The Beatles’ single ‘I Want To Hold Your Hand,’ issued by Capitol Records, went on sale in the U.S. in late December 1963.
The Beatles’ single ‘I Want To Hold Your Hand,’ issued by Capitol Records, went on sale in the U.S. in late December 1963.
26 Dec 1963
Capitol Records begins distributing “I Want To Hold Your Hand” to radio stations in major U.S. cities where it is played regularly.  With teens home for Christmas-New Years break, radios get full-time use, and the record begins selling like crazy.  In New York City, 10,000 copies are sold every hour.  In the first three days, 250,000 copies are  sold.  Capitol was so overloaded it contracted Columbia Records and RCA to help with the pressings.

28 Dec 1963
The New Yorker magazine publishes a Brian Epstein interview; regarded as first serious article in U.S. about the Beatles and their manager.

29 Dec 1963
New York city radio station WMCA joins others  broadcasting “I Want To Hold Your Hand.”  Back in London, meanwhile, Sunday Times critic Richard Buckle praises the Beatles as the greatest composers since Beethoven.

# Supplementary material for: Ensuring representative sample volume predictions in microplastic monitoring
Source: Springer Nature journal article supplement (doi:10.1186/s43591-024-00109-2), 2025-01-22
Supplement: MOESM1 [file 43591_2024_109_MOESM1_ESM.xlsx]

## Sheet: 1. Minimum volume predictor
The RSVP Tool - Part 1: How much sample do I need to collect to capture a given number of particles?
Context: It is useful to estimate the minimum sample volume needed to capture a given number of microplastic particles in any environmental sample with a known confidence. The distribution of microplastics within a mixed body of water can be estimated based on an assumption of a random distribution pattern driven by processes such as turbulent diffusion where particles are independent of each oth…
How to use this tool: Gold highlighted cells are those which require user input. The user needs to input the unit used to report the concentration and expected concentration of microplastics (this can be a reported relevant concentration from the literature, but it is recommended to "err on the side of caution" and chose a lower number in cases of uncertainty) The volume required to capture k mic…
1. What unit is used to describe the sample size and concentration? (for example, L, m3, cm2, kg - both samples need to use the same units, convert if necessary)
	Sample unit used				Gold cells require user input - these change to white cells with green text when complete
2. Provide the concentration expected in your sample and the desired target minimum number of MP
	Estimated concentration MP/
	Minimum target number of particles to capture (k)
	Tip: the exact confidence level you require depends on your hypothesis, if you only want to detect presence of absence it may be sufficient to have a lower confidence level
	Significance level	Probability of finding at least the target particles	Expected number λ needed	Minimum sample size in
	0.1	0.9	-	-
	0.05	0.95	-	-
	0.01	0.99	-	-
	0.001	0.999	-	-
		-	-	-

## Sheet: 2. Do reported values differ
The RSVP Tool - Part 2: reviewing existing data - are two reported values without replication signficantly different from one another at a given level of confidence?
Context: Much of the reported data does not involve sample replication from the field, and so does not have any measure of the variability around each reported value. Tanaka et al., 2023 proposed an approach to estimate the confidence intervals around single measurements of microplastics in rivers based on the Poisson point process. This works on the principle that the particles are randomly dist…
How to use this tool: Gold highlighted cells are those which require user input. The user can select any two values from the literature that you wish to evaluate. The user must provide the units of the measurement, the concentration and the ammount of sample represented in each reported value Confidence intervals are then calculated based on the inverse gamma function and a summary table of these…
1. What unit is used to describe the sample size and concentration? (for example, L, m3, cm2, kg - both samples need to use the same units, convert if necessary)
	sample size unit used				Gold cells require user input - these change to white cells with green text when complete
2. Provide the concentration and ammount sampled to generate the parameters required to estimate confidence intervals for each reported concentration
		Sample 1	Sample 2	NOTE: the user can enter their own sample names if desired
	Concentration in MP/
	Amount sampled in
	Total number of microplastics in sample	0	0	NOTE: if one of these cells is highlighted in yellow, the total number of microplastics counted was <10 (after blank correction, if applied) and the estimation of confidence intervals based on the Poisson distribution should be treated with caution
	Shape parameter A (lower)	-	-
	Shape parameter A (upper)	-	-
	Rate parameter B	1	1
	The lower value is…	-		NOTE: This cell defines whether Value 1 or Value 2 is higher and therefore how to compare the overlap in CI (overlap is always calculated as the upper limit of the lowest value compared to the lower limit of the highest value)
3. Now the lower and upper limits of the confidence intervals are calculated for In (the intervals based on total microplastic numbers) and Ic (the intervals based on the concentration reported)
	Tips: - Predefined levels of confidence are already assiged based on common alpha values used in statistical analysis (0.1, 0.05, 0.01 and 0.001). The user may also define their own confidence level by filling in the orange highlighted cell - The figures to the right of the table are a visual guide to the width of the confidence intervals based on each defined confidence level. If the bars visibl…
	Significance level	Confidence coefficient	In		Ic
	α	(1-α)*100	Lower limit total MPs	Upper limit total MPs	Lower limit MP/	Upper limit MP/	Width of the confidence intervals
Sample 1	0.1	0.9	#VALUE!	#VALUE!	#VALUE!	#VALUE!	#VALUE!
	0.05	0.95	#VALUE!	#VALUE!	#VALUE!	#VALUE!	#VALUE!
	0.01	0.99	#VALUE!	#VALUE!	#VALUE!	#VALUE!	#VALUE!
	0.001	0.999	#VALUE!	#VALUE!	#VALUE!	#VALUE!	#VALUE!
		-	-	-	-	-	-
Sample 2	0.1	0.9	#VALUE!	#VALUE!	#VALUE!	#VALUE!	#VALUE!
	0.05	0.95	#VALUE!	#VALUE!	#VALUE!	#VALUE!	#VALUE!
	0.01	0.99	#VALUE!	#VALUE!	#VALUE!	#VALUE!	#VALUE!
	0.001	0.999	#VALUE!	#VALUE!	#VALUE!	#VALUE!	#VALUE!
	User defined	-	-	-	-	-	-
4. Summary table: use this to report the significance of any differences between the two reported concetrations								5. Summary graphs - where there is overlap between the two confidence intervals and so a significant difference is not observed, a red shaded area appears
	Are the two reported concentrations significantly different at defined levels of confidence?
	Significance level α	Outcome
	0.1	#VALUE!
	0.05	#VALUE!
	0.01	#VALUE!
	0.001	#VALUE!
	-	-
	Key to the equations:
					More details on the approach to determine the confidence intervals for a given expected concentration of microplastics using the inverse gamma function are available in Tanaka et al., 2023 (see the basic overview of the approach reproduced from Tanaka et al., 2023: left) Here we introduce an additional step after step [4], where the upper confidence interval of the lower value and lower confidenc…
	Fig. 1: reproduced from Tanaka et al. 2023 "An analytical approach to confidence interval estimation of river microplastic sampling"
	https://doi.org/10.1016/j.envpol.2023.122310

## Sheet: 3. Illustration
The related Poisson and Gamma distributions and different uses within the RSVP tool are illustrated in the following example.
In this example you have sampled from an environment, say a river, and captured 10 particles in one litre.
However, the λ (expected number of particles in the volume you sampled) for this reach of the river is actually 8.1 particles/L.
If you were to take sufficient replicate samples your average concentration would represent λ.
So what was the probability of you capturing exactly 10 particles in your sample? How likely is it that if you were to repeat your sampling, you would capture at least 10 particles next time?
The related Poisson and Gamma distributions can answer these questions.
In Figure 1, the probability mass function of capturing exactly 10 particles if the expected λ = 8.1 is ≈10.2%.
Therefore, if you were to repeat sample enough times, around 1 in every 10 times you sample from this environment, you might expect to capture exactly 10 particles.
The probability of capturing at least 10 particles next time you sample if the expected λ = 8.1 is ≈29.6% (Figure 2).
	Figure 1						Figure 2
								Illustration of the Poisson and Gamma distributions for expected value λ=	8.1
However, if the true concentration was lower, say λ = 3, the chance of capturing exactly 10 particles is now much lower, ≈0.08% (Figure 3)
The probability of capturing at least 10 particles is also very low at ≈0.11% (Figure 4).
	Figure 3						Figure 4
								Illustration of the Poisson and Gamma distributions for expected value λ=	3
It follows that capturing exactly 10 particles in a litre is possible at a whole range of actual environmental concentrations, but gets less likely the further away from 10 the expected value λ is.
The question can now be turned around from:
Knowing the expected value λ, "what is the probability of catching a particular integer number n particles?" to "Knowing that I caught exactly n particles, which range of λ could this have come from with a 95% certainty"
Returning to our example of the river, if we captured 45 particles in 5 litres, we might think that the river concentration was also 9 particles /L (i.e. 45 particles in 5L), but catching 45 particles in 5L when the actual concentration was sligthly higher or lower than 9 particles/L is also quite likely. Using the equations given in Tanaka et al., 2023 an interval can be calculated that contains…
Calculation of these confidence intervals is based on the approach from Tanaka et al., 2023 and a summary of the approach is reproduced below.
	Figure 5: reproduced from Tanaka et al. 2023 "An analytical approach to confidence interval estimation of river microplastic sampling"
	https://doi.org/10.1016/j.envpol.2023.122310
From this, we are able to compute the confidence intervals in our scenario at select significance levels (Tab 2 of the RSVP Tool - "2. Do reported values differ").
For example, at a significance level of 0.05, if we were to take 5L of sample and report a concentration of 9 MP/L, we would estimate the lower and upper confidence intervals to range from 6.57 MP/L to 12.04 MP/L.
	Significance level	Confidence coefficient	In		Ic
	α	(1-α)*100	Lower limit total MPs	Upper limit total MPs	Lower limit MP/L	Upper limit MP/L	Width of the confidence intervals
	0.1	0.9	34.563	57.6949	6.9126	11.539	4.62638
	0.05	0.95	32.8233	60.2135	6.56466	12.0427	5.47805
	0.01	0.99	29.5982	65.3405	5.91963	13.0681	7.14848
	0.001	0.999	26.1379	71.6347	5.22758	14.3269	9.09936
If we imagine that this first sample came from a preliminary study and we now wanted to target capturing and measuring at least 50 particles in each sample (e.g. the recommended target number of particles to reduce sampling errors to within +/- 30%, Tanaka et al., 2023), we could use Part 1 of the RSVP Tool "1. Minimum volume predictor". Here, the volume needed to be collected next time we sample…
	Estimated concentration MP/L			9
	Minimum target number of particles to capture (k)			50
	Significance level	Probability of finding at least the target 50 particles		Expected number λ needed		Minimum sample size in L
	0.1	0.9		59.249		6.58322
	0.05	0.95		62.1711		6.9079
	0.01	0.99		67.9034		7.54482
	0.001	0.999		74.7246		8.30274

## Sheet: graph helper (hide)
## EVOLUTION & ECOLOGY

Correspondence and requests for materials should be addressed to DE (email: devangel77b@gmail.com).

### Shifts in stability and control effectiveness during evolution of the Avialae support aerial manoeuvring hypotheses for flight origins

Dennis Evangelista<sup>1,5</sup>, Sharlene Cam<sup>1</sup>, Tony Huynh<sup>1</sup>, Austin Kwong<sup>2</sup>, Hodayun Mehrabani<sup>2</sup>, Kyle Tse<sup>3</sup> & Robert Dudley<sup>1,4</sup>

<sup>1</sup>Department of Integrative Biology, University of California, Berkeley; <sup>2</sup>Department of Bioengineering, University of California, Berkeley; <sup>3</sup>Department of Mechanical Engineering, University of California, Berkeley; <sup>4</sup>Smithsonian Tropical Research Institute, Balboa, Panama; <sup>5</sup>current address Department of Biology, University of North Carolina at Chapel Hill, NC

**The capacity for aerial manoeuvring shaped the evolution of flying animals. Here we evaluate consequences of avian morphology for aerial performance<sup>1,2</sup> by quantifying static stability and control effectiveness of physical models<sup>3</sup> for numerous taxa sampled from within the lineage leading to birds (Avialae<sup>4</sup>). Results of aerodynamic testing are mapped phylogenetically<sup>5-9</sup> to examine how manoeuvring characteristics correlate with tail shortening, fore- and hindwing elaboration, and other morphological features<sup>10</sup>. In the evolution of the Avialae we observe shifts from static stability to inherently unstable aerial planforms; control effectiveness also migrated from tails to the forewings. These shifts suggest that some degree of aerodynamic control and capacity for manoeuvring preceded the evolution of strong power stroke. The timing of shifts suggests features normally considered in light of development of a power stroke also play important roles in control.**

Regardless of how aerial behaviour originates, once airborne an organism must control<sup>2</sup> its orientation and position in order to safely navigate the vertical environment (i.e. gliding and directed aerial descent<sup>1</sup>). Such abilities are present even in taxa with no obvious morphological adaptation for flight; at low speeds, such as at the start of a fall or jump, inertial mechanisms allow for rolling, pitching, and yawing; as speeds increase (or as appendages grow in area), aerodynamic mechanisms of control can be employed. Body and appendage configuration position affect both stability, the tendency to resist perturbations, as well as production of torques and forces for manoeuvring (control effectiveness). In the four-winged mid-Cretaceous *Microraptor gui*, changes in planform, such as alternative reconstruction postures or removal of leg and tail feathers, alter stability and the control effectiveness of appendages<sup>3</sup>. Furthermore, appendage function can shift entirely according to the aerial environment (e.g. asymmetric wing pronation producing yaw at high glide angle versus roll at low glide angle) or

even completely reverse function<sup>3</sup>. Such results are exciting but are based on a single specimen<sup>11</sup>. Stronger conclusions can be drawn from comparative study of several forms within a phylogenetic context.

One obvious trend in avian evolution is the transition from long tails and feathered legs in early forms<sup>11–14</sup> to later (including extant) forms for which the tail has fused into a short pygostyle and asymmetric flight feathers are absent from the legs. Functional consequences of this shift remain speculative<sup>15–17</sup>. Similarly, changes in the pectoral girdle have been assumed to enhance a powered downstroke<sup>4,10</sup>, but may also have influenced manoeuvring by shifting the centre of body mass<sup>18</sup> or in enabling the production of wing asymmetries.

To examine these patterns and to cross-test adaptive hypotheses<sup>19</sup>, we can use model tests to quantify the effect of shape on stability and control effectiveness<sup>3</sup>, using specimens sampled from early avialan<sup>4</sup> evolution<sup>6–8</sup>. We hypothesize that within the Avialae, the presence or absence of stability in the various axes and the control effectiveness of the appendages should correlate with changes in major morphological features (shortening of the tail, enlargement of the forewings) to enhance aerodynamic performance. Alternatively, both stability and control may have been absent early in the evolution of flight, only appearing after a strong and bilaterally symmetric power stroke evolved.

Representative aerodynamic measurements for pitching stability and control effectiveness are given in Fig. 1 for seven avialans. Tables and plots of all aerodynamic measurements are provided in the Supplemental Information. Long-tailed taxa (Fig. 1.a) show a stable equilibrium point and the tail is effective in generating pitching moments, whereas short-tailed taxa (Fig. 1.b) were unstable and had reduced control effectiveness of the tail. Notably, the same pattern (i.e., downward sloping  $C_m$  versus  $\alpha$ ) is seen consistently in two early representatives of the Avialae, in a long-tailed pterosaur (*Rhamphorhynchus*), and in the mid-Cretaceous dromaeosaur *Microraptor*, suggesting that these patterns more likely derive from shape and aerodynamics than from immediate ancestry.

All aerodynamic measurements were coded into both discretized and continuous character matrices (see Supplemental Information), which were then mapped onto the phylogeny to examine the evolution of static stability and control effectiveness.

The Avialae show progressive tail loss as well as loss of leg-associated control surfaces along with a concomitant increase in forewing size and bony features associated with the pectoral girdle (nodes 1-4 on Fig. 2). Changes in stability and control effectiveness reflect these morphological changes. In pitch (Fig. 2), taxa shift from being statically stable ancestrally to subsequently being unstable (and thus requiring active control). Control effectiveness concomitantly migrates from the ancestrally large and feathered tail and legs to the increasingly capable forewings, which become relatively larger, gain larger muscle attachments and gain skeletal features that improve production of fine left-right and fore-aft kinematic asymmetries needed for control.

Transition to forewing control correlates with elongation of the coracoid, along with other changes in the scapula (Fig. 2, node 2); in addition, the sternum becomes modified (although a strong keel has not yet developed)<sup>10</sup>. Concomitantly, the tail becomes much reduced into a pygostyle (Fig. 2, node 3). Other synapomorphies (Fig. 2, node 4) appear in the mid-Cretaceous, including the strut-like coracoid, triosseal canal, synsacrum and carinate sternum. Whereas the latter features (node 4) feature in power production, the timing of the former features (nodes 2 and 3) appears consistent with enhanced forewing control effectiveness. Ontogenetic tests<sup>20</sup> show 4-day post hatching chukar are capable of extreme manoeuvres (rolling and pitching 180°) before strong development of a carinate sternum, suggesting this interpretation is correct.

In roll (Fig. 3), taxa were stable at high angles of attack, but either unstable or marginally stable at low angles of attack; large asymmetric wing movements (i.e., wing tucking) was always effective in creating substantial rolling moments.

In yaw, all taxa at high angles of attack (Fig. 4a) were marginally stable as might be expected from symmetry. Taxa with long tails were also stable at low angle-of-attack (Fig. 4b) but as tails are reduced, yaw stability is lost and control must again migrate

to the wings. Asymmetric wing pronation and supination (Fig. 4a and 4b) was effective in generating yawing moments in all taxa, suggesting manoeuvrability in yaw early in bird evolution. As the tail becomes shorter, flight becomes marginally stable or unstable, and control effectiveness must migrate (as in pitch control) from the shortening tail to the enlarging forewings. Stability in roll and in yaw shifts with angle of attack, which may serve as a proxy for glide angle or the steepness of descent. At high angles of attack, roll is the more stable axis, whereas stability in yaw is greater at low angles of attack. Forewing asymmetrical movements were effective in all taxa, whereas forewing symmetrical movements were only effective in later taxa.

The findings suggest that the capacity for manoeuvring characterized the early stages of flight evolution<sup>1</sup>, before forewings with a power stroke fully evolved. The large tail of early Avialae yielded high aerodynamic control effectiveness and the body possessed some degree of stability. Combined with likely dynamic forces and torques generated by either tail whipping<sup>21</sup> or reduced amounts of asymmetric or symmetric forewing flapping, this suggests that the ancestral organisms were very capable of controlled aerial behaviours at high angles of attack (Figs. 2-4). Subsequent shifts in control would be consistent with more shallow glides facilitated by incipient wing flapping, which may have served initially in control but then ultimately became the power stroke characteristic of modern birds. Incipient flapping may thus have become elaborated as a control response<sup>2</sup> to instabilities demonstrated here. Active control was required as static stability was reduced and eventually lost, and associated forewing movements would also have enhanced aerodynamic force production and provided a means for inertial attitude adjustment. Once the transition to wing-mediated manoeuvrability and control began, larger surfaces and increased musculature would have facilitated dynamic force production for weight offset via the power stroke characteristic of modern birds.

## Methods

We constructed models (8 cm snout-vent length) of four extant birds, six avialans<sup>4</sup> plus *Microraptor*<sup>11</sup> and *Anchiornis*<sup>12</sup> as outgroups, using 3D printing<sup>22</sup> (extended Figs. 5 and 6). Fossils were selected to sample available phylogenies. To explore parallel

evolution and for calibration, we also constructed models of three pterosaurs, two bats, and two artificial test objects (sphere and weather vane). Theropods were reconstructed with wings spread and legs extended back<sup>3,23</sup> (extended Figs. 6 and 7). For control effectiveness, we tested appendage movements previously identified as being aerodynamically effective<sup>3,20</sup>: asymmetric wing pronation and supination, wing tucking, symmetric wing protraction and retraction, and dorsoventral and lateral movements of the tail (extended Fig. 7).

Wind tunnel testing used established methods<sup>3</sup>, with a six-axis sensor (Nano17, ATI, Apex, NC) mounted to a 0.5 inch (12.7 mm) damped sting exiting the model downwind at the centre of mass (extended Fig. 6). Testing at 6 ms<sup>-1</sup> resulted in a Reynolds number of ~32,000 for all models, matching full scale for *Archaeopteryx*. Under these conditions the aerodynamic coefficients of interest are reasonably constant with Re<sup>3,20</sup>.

A Beatles' film clip was shown on Jack Paar's TV show in early January 1964.
A Beatles' film clip was shown on Jack Paar's TV show in early January 1964.
30 Dec 1963
A two-page ad from Capitol Records pitching the Beatles’ recordings runs in Billboard and Cash Box music industry magazines.  Bulk reprints of these ads have already been distributed to Capitol’s sales agents for use with radio stations and in enlarged, easel-scale size for use in music store displays across the country.

3 Jan 1964
Jack Paar, host of the late night U.S. TV talk show, “The Jack Paar Show,” airs a filmed Beatles’ performance of “She Loves You” from England.  It is the first complete Beatles song shown on American TV, and for many in America, the first time they see the Beatles.

V-J’s promotional cover sleeve for Beatles’ ‘Please Please Me’ single following Jack Paar show, Jan 1964.